Defense Minister Rustem Umerov, in a letter to his European Union (EU) counterparts, emphasized the significant numerical disadvantage his forces are confronting amid Russia's threefold increase in daily firepower along the extensive frontlines.
The document, seen by Bloomberg, noted that Ukraine can only deploy around 2,000 shells daily, less than one-third of Russia's ammunition usage. (Related: German reporter: Frontline situation is becoming increasingly disastrous for Ukraine.)
Umerov urgently appealed to EU allies to fulfill their commitment to supply one million artillery rounds, stressing that it is imperative for Ukraine to match its adversary's firepower. He underscored the pivotal role of ammunition in determining the outcome of battles, emphasizing that the side with superior firepower tends to prevail.
Acknowledging the severity of Ukraine's weapons shortages, Umerov implored EU allies to escalate their support.
However, the EU conceded on Wednesday, Jan. 31, that it would only deliver approximately half of the pledged shells by the March deadline, committing to provide an additional 600,000 rounds by year-end.
The document revealed that Ukraine's monthly requirement of 200,000 155mm shells, while estimates from Estonia indicated that Moscow is poised to acquire nearly double that amount, including supplies from North Korea.
In response, the EU announced plans to enhance its annual shell production capacity to one million rounds, with a projection to double it to two million by 2025.
The United States is also intensifying its efforts to assist Ukraine in meeting its pressing artillery needs.
As early as December, Ukrainian forces on the front lines were contending with a severe shortage of artillery shells, leading some units to curtail planned offensives and raising concerns about the sustainability of Kyiv's defense against ongoing Russian attacks.
The scarcity of ammunition has added to the heightened anxiety in the Ukrainian capital, particularly as U.S. and European aid is facing delays, compounded by the onset of winter conditions.
Soldiers have reported strict limits on the number of shells allocated for each target, significantly diminishing their operational capacity. A member of the 128th Mountain Assault Brigade pointed out the exhaustion among troops, emphasizing that while motivation remains high, numerical advantages and weaponry are deteriorating.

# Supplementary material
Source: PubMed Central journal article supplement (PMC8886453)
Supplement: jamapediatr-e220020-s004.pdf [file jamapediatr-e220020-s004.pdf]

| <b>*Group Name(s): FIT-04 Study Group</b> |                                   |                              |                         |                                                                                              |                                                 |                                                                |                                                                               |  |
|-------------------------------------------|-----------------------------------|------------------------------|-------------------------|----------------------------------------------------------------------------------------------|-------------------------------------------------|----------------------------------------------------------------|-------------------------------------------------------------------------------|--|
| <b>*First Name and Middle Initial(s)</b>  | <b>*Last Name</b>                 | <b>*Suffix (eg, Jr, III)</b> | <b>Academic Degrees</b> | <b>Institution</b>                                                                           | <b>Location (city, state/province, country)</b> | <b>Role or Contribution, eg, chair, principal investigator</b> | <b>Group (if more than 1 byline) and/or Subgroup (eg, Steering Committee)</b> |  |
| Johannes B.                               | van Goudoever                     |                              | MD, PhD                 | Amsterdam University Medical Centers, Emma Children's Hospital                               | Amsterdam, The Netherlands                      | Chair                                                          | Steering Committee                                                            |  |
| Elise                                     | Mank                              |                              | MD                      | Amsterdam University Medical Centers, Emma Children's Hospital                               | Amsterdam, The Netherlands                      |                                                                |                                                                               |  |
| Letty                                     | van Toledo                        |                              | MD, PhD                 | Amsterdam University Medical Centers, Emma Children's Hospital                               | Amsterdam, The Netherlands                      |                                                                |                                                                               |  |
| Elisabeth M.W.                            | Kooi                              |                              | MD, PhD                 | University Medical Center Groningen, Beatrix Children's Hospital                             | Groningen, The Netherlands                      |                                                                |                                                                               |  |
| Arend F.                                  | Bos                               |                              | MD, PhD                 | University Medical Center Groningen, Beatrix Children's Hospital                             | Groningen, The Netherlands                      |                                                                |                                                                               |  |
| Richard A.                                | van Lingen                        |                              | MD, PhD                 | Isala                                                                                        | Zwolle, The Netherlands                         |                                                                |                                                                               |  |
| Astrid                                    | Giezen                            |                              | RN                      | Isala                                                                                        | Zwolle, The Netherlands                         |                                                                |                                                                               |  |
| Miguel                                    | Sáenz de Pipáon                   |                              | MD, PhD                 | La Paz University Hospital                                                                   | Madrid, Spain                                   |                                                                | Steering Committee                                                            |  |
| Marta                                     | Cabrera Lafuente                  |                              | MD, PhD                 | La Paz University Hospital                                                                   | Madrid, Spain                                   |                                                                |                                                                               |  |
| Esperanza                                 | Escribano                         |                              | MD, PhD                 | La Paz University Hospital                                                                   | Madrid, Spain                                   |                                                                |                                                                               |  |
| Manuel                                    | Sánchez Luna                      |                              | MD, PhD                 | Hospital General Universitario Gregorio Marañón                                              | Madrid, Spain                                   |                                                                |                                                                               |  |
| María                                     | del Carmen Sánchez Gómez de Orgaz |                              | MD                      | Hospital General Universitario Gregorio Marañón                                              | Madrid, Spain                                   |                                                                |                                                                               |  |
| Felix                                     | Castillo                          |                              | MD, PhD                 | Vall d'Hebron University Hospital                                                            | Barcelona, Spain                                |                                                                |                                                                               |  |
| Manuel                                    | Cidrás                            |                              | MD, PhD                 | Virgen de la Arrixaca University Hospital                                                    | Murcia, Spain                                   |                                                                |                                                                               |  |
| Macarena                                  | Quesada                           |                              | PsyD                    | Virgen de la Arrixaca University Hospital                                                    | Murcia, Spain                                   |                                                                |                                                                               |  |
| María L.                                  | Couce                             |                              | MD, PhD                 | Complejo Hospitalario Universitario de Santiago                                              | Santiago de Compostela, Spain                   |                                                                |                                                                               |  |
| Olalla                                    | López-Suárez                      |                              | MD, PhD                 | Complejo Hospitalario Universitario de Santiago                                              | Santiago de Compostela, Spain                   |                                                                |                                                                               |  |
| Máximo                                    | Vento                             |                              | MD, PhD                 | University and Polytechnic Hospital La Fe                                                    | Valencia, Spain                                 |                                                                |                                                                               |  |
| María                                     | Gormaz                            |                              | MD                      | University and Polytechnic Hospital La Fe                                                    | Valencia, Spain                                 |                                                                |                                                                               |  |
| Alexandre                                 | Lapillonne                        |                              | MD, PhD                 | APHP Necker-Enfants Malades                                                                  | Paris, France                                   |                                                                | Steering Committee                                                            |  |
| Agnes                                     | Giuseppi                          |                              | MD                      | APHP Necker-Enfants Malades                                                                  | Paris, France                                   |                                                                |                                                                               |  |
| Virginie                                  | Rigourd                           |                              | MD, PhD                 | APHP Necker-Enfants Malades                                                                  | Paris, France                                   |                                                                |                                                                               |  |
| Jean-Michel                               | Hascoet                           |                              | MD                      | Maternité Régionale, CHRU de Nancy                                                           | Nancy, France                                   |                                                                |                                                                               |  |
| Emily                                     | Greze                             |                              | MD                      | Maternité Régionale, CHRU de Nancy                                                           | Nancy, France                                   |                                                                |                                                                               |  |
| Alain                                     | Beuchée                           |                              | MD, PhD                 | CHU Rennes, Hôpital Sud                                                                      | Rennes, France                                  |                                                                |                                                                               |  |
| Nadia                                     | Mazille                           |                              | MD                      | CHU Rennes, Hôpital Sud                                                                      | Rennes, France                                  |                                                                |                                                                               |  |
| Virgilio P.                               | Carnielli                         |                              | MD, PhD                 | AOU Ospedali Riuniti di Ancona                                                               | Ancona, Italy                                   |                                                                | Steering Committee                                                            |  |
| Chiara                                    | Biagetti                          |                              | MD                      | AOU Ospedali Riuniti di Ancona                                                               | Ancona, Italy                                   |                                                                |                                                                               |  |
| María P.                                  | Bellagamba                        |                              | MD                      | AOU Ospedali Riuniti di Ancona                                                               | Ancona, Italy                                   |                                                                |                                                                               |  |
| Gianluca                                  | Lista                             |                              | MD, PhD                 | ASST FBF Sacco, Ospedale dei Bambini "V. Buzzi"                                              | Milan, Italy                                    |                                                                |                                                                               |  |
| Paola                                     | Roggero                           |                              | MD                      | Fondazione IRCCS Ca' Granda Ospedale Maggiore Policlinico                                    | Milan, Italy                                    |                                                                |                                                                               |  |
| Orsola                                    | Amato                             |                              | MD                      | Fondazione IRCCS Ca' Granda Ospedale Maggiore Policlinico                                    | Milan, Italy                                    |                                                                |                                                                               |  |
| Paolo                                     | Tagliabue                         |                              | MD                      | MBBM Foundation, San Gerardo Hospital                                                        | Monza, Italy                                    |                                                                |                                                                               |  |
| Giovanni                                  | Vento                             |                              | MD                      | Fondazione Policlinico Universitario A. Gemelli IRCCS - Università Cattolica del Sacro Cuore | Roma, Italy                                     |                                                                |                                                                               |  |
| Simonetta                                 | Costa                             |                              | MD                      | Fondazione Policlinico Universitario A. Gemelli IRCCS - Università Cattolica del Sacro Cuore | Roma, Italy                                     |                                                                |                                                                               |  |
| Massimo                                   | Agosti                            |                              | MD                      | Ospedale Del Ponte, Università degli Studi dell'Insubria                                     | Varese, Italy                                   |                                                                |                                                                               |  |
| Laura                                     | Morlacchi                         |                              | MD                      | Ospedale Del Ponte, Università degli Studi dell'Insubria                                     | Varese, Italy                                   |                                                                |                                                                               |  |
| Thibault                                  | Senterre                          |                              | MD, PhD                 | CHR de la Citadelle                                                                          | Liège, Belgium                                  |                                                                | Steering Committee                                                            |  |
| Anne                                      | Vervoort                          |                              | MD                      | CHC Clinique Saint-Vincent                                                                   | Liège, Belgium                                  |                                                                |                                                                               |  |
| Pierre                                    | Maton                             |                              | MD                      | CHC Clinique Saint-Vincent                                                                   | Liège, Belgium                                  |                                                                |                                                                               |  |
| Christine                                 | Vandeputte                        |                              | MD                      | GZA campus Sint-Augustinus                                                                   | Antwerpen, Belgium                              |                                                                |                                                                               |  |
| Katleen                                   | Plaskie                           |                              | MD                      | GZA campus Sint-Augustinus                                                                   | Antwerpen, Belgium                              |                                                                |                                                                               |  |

The constrained ammunition supply has prompted a shift in military tactics, with a focus on defense and a reevaluation of operational tasks. Artem, a gunner in the 148th Artillery Brigade, highlighted a dramatic reduction in shell usage, indicating a potential inability to suppress advancing forces.
Ukraine has been grappling with insufficient shell supplies since the beginning of Russia's special military operation in February 2022, exacerbating challenges on the front lines.
President Volodymyr Zelensky confirmed the existing shortage during a year-end news conference. The delays in foreign aid, including the stalling of a proposed $60 billion aid package by the U.S., have added hurdles amid ongoing Russian offensives.
Soldiers stationed at the front have not observed a corresponding shortage of artillery shells on the Russian side, indicating Moscow's sustained military production and effective subversion of sanctions.
The lack of international support for Ukraine has created additional obstacles ahead of the winter holidays, with Russia continuing efforts to advance on multiple fronts and target Ukrainian cities.
Despite Ukraine's dependency on external aid, the country is making efforts to enhance domestic weapons manufacturing. Plans include producing 1 million first-person-view drones and various mid- and long-range weapons.
While external support remains crucial, Ukraine recognizes the need to bolster its self-reliance amid challenges posed by the ongoing conflict.
The urgency of the situation highlights the complex dynamics on the ground and the critical importance of timely and sufficient aid to sustain Ukraine's defense efforts.
Watch Ukraine seeks PR wins as West admits war may be lost.
This video is from the channel The Prisoner on Brighteon.com.